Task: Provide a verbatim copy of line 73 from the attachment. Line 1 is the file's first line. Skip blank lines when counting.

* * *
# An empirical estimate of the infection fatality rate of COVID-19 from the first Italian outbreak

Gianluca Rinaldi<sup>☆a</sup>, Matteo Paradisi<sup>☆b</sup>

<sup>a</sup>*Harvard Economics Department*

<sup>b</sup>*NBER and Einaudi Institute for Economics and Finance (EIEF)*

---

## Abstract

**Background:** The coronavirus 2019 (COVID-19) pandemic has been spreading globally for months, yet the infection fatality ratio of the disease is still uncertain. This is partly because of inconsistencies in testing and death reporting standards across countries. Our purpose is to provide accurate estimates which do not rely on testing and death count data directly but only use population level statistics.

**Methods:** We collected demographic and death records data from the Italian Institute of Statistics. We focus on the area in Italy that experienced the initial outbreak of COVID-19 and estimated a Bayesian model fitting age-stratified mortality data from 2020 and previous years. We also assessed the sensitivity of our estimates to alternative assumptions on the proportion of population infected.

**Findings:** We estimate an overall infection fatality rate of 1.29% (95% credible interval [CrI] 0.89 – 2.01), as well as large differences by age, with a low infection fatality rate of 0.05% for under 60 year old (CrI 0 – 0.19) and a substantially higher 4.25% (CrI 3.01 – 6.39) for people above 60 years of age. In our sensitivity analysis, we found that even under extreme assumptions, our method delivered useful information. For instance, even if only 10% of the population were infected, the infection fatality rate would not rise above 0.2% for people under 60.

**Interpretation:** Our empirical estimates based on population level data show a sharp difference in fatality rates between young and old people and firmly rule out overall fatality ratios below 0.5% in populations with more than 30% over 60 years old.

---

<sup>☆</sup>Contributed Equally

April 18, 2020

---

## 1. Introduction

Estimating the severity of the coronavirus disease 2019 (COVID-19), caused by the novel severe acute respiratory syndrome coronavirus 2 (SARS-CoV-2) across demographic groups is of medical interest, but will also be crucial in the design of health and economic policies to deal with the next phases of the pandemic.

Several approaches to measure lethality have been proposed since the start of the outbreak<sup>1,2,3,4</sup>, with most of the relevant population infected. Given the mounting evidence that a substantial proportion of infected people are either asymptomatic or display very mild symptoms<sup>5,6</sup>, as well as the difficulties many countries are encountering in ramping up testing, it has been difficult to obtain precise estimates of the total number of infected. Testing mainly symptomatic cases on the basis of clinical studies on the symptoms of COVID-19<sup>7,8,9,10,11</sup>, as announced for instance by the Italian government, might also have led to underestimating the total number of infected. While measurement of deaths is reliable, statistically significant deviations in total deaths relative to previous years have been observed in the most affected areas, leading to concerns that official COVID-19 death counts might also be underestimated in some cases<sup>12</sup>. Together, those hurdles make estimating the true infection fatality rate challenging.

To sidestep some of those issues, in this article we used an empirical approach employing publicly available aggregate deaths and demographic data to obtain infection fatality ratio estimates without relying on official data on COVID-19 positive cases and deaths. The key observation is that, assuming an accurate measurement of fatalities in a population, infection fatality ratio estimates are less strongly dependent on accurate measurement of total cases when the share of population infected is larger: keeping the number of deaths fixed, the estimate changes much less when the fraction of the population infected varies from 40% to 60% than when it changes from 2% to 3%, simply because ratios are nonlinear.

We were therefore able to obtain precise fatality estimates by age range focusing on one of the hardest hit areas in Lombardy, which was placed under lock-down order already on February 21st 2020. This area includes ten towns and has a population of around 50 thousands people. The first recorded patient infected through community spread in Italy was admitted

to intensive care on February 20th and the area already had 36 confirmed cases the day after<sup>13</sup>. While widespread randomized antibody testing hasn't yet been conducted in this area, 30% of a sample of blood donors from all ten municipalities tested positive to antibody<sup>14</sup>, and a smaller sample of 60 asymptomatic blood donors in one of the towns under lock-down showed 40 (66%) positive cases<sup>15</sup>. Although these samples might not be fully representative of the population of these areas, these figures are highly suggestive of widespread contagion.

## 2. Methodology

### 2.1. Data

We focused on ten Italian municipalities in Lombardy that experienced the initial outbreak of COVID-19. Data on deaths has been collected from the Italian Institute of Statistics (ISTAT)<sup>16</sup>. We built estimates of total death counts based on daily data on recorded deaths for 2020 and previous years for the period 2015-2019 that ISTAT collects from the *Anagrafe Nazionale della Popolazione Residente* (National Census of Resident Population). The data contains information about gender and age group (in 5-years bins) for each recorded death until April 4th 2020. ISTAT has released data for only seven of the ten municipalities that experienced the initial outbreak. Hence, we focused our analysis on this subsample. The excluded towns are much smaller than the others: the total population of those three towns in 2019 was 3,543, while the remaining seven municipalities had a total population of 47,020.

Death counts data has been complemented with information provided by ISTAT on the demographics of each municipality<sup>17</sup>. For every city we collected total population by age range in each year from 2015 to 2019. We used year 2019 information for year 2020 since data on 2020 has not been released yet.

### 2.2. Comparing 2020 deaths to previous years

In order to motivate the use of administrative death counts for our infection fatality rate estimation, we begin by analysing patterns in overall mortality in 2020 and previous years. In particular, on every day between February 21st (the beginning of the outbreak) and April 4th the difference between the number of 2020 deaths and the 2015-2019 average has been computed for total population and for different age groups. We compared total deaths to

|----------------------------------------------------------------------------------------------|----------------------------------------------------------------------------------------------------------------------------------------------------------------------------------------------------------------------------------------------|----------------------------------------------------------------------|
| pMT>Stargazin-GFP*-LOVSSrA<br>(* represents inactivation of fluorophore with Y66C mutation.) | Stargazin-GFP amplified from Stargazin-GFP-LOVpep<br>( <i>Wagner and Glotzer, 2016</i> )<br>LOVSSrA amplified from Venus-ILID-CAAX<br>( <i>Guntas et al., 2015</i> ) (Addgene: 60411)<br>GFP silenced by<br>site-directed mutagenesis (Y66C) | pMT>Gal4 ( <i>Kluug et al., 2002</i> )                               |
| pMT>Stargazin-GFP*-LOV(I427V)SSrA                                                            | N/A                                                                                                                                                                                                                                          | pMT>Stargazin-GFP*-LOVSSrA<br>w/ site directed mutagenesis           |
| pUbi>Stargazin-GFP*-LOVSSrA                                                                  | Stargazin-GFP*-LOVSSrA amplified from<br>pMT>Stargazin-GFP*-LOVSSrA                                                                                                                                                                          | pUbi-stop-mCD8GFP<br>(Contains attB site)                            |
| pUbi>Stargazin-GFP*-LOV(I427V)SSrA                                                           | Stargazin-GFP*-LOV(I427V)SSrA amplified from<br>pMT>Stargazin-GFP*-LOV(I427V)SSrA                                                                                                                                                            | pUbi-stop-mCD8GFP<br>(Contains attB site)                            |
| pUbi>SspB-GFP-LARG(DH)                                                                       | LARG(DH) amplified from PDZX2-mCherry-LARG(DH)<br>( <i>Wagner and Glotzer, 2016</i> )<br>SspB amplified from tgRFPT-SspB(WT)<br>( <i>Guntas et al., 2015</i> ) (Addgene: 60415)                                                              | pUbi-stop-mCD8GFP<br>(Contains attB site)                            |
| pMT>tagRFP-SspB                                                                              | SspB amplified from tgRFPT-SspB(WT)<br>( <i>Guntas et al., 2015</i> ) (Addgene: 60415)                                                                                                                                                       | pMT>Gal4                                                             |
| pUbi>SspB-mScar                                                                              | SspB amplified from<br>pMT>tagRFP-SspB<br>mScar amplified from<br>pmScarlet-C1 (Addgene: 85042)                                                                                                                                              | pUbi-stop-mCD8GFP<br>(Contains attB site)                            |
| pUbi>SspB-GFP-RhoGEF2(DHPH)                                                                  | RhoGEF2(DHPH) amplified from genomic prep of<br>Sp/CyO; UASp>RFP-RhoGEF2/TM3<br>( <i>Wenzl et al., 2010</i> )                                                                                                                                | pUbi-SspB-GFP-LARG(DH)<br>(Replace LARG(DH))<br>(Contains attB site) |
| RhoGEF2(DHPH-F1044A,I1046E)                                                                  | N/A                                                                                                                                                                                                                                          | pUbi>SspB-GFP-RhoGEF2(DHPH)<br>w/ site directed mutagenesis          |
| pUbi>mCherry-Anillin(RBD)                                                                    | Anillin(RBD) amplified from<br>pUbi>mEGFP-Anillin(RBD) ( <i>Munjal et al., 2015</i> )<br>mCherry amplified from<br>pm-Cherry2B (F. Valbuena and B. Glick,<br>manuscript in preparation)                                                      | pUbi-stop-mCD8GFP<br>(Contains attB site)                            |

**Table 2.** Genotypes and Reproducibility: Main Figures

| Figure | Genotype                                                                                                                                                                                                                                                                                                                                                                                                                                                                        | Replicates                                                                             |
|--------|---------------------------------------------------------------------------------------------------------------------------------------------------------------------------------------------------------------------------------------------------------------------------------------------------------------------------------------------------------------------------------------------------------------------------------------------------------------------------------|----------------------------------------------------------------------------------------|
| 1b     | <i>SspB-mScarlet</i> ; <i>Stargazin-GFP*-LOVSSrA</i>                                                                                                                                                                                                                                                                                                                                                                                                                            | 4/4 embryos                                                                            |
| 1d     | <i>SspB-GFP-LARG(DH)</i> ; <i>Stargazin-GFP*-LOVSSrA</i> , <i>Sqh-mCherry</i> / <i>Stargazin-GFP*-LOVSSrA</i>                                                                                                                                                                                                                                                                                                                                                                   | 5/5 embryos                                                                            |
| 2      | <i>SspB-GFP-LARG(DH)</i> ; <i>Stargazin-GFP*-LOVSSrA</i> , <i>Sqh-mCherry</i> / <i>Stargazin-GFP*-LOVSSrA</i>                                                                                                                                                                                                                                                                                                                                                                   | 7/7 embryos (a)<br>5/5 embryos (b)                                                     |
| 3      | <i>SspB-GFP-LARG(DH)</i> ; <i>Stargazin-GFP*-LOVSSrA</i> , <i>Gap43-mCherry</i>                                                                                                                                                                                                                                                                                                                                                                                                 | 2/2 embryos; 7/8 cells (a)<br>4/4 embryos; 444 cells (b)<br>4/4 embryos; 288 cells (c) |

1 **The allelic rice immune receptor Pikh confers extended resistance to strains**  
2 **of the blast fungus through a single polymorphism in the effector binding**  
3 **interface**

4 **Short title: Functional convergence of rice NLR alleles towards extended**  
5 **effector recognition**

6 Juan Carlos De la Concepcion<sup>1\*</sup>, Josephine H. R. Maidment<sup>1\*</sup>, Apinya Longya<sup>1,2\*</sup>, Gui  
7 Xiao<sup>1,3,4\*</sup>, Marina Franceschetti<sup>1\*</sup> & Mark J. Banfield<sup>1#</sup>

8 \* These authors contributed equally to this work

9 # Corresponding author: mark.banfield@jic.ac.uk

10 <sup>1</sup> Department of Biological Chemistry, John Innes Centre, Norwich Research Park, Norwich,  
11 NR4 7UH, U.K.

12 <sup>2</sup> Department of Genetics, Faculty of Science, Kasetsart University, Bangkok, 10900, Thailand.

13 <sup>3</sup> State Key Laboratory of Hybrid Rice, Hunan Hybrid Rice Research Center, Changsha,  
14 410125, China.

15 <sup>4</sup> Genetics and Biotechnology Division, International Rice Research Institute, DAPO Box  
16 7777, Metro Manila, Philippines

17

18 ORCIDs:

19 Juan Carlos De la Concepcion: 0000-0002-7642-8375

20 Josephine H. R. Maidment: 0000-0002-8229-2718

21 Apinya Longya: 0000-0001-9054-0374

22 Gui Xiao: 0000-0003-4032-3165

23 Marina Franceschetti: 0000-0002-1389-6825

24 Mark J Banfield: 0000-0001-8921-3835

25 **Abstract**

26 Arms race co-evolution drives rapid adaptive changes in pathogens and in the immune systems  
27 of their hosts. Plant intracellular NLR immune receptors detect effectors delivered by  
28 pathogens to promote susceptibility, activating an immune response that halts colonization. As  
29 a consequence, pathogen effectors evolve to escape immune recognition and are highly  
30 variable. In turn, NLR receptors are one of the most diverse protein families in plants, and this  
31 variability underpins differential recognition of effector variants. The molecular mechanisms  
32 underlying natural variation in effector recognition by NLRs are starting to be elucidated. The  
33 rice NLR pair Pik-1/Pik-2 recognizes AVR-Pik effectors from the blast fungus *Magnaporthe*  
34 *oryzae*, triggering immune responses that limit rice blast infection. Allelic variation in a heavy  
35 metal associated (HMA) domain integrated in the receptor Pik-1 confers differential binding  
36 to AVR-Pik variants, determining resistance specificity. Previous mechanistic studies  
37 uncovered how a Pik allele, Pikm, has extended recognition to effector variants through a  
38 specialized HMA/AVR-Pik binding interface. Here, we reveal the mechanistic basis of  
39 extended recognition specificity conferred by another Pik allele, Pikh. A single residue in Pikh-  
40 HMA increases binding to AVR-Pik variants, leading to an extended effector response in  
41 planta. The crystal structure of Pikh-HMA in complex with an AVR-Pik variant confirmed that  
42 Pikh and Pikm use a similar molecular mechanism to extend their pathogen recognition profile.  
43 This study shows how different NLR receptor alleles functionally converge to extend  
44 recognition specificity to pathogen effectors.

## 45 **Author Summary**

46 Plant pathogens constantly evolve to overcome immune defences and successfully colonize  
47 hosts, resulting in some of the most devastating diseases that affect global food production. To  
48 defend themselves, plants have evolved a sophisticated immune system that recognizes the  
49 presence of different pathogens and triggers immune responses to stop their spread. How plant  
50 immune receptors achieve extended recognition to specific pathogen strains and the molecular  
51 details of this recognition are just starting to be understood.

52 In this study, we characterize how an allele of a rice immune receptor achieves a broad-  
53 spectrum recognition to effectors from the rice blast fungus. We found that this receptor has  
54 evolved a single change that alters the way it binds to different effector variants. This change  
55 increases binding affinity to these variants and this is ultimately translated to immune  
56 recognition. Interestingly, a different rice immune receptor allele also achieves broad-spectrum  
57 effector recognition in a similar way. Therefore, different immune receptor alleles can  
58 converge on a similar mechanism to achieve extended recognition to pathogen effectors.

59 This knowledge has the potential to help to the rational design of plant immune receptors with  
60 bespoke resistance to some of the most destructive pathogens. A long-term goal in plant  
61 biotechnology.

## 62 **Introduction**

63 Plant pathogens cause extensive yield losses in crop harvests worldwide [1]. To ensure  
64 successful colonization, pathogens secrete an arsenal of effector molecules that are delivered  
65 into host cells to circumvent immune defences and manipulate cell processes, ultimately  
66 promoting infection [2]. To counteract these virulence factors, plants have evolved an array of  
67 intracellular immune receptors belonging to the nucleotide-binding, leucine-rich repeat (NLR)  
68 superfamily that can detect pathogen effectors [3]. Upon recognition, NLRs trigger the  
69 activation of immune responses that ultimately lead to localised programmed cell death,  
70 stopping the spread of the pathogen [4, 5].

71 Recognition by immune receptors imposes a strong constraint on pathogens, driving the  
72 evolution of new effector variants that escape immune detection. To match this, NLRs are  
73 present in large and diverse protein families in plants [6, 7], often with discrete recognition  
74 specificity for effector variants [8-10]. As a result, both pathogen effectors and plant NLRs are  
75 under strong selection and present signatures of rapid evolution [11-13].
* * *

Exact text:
29 a consequence, pathogen effectors evolve to escape immune recognition and are highly  